Streamlining JSON Encoding and Decoding in Swift with Property Wrappers

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As iOS developers, we frequently interact with various public and private REST APIs, some of which are reliable and well-established, while others may not be as reliable.

In certain scenarios, we cannot guarantee that the received model will precisely match the expected type. Some APIs may return different types for the same property. For instance, we might anticipate a Double value, but the API could provide a String or a Double value instead. How can our code effectively handle such situations? One approach is to implement init(from decoder: Decoder) throws functions for our structures, which require manual decoding of all values. While this is feasible for small structures, it becomes more challenging for larger ones, making it preferable to rely on automatically synthesized init.

So, how can we leverage synthesized init and effectively handle different types simultaneously? The answer lies in Property Wrappers! Yes, we can create a property wrapper that takes care of encoding and decoding JSON objects on our behalf.

In Swift, there exists a handy protocol called LosslessStringConvertible, which has a single requirement: init?(_description: String). Furthermore, all numeric types conform to this protocol! Consequently, we can devise a generic solution that handles all these types effortlessly.

public struct LosslessStringCodable<T: LosslessStringConvertible & Codable> {
    private var value: T?

    public var wrappedValue: T? {
        get {
            return value
        set {
            value = newValue
    public init(wrappedValue: T?) {
        value = wrappedValue

The provided code introduces a property wrapper called LosslessStringCodable, designed to simplify the encoding and decoding of JSON objects in Swift. This property wrapper is defined as a generic type that requires its underlying value to conform to both the LosslessStringConvertible and Codable protocols.

extension LosslessStringCodable: Codable {
    public init(from decoder: Decoder) throws {
        let container = try decoder.singleValueContainer()
        if container.decodeNil() {
            value = nil
        } else if let string = try? container.decode(String.self) {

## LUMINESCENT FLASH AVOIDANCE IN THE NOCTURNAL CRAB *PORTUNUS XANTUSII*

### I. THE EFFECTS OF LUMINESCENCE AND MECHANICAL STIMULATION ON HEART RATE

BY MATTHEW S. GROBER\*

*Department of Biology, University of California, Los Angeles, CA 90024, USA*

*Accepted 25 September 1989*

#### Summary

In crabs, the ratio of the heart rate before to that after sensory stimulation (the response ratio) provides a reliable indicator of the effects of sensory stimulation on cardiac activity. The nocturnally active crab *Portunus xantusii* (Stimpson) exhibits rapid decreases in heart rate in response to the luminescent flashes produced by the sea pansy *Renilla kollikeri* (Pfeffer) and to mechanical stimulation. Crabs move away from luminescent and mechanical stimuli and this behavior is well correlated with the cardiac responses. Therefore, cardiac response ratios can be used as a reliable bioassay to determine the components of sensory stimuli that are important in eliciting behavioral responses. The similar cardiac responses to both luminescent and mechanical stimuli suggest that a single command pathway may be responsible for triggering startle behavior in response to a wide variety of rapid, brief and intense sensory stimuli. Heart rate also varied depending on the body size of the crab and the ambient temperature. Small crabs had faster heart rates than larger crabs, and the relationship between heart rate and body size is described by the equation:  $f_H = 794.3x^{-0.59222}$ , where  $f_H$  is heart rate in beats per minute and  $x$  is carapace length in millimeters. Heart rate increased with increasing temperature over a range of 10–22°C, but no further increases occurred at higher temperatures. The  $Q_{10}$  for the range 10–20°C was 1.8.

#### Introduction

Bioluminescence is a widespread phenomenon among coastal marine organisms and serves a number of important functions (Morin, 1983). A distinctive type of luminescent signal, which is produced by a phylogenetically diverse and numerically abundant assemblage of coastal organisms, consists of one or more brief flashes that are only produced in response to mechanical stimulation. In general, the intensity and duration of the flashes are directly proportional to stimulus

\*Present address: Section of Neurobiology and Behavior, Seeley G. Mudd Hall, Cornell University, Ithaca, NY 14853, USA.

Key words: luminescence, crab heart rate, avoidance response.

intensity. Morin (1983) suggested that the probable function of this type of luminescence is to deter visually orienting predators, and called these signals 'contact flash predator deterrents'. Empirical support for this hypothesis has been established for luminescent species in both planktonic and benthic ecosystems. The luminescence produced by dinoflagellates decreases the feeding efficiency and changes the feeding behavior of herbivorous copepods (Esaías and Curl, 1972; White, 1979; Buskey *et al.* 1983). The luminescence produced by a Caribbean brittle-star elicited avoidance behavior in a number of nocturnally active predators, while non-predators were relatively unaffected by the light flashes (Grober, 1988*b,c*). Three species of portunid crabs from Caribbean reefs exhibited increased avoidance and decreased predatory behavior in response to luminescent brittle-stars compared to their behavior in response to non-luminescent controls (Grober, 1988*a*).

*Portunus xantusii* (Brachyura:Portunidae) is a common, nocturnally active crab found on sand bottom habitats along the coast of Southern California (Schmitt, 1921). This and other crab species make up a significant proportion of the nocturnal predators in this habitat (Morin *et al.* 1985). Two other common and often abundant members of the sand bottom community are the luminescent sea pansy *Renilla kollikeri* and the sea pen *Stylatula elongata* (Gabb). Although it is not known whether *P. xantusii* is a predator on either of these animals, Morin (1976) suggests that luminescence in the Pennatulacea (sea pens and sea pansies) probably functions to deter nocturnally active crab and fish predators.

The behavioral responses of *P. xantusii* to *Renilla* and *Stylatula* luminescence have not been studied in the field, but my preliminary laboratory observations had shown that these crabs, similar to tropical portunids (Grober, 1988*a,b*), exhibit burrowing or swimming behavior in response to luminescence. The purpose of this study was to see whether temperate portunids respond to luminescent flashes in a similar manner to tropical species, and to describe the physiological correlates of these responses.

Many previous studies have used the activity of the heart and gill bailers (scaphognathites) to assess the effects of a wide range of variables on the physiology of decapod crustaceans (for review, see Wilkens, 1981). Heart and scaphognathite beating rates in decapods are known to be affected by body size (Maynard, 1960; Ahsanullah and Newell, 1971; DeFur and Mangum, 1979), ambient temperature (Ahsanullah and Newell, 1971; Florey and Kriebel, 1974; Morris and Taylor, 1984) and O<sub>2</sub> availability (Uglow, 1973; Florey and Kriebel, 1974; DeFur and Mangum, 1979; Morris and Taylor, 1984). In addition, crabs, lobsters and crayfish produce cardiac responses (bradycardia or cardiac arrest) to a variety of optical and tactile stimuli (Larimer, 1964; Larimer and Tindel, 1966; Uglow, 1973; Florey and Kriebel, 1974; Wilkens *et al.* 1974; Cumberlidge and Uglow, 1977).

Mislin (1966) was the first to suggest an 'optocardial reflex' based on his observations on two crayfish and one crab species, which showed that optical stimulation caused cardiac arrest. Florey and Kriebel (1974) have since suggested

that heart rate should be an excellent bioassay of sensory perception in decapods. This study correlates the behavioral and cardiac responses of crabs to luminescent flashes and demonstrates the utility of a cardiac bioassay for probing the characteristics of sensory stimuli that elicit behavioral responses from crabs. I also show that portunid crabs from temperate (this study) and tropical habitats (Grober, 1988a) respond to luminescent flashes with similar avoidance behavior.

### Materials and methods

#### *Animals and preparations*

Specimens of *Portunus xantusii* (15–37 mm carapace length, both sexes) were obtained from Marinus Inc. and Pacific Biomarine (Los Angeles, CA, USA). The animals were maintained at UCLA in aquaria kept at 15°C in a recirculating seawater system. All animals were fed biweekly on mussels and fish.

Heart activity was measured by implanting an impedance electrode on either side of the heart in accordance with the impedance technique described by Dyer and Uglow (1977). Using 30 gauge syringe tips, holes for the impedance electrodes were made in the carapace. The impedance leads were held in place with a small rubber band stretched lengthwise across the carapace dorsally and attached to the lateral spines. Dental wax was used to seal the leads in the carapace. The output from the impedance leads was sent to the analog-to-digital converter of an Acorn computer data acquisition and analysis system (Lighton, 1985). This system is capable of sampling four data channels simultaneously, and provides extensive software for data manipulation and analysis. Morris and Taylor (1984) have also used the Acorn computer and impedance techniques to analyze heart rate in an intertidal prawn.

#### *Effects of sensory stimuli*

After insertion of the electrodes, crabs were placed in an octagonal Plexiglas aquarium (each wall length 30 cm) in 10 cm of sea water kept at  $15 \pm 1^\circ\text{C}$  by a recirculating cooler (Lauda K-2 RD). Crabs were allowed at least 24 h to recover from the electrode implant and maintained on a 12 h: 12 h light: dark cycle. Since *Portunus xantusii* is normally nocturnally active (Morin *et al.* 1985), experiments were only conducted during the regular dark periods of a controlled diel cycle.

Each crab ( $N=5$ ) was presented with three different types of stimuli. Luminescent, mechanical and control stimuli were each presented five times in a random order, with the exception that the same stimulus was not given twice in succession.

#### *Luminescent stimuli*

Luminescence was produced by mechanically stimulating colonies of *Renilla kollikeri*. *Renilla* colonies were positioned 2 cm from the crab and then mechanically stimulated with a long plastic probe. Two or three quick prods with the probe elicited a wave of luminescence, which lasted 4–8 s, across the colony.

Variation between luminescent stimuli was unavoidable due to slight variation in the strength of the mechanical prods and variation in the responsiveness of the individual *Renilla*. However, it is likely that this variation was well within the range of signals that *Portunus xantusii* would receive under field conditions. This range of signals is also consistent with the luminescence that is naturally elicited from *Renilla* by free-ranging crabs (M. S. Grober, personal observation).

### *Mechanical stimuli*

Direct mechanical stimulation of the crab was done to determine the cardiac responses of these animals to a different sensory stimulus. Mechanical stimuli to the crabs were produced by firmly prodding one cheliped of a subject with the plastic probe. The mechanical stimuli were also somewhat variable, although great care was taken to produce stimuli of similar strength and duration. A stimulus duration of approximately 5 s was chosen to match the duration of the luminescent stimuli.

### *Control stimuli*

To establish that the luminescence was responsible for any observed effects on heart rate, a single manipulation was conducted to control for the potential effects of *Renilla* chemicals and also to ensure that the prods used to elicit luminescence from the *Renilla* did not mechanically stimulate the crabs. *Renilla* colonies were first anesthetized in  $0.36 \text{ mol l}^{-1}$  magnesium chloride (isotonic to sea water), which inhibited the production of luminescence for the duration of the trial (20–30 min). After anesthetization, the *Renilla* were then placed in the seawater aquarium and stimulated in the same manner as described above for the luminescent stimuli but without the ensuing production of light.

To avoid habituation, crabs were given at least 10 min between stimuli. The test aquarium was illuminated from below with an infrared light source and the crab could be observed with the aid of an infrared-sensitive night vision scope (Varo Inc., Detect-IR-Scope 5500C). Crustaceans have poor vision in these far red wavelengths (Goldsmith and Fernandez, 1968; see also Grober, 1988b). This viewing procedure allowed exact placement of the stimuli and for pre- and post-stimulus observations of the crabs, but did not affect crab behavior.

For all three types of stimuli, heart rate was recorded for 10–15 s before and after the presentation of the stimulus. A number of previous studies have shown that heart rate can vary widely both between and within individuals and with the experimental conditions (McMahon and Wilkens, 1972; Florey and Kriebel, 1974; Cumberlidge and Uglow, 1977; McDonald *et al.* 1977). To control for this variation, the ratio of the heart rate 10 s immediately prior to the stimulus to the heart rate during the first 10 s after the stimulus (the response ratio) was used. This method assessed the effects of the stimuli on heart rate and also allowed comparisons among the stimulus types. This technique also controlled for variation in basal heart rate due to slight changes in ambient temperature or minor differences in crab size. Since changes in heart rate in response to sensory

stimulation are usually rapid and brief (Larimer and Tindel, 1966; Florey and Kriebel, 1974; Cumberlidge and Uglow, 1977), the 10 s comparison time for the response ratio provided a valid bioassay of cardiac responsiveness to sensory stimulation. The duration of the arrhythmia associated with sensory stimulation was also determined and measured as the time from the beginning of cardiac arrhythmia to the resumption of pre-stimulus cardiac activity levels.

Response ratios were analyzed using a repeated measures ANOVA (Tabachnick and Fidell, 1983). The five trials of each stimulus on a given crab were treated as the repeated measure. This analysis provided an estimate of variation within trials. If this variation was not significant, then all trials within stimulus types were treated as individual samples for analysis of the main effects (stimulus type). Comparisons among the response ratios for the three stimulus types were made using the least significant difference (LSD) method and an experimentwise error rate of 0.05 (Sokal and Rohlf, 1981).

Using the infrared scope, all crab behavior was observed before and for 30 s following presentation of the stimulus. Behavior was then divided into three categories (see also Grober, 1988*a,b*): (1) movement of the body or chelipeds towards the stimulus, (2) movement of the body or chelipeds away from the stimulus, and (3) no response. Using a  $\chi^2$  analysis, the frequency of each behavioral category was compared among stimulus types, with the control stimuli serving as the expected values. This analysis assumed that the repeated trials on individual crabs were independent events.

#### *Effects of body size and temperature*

value = T(string)
        } else if let decoded = try? container.decode(T.self) {
            value = decoded

    public func encode(to encoder: Encoder) throws {
        var container = encoder.singleValueContainer()
        if let value = value {
            try container.encode("\(value)")
        } else {
            try container.encodeNil()

public extension KeyedDecodingContainer {
    func decode<T>(
        _ type: LosslessStringCodable<T>.Type,
        forKey key: Self.Key
    ) throws -> LosslessStringCodable<T> where T: Decodable & LosslessStringConvertible {
        return try decodeIfPresent(type, forKey: key) ?? LosslessStringCodable<T>(wrappedValue: nil)

To make our property wrapper work seamlessly with encoding and decoding, we've extended it to conform to the Codable protocol. This allows us to take advantage of the powerful features provided by Swift.

When it comes to decoding, we've implemented the init(from:) initializer. Inside this initializer, we create a single value container from the decoder. First, we check if the container is nil. If it is, we assign nil to the value. However, if the container has a value, we try to decode a String from it. If the decoding is successful, we initialize the value with the converted String using T's initializer, because it conforms to the LosslessStringConvertible. But if that doesn't work, we attempt to directly decode T from the container.

For encoding, we've got the encode(to:) function. This function creates a single-value container from the encoder. We then check if the value is non-nil. If it is, we encode it as a String. But if the value is nil, we encode a nil value.

Additionally, we've got you covered with an extension for KeyedDecodingContainer. It includes a custom decoding function called decode(:forKey:), specifically designed for the LosslessStringCodable type. This function decodes a LosslessStringCodable<T> value for the specified key. It tries to decode the value for the key using the decodeIfPresent(:forKey:) function, which returns an optional value. If the value is present, we return it. Otherwise, we create a new LosslessStringCodable<T> instance with a nil value and hand it back to you.

Now we can see it in action:

struct Example: Codable {
    var stringValue: Int?

    var intValue: Int?

    var nilValue: Int?

let jsonString = """
  "stringValue": "123",
  "intValue": 456,
  "nilValue": null

let jsonData = .utf8)!

do {
    let example = try JSONDecoder().decode(Example.self, from: jsonData)
    print(example.stringValue) // Output: Optional(123)
    print(example.intValue) // Output: Optional(456)
    print(example.nilValue) // Output: nil
} catch {
    print("Error decoding JSON: \(error)")

By utilizing the LosslessStringCodable property wrapper, we simplify the encoding and decoding process for JSON objects. This allows us to harness the powerful capabilities of Swift's Codable protocol and the flexibility of the LosslessStringConvertible protocol, making it effortless to handle different types. It's a win-win situation for developers!

Artur Gruchała

Artur Gruchała

I started learning iOS development when Swift was introduced. Since then I've tried Xamarin, Flutter, and React Native. Nothing is better than native code:)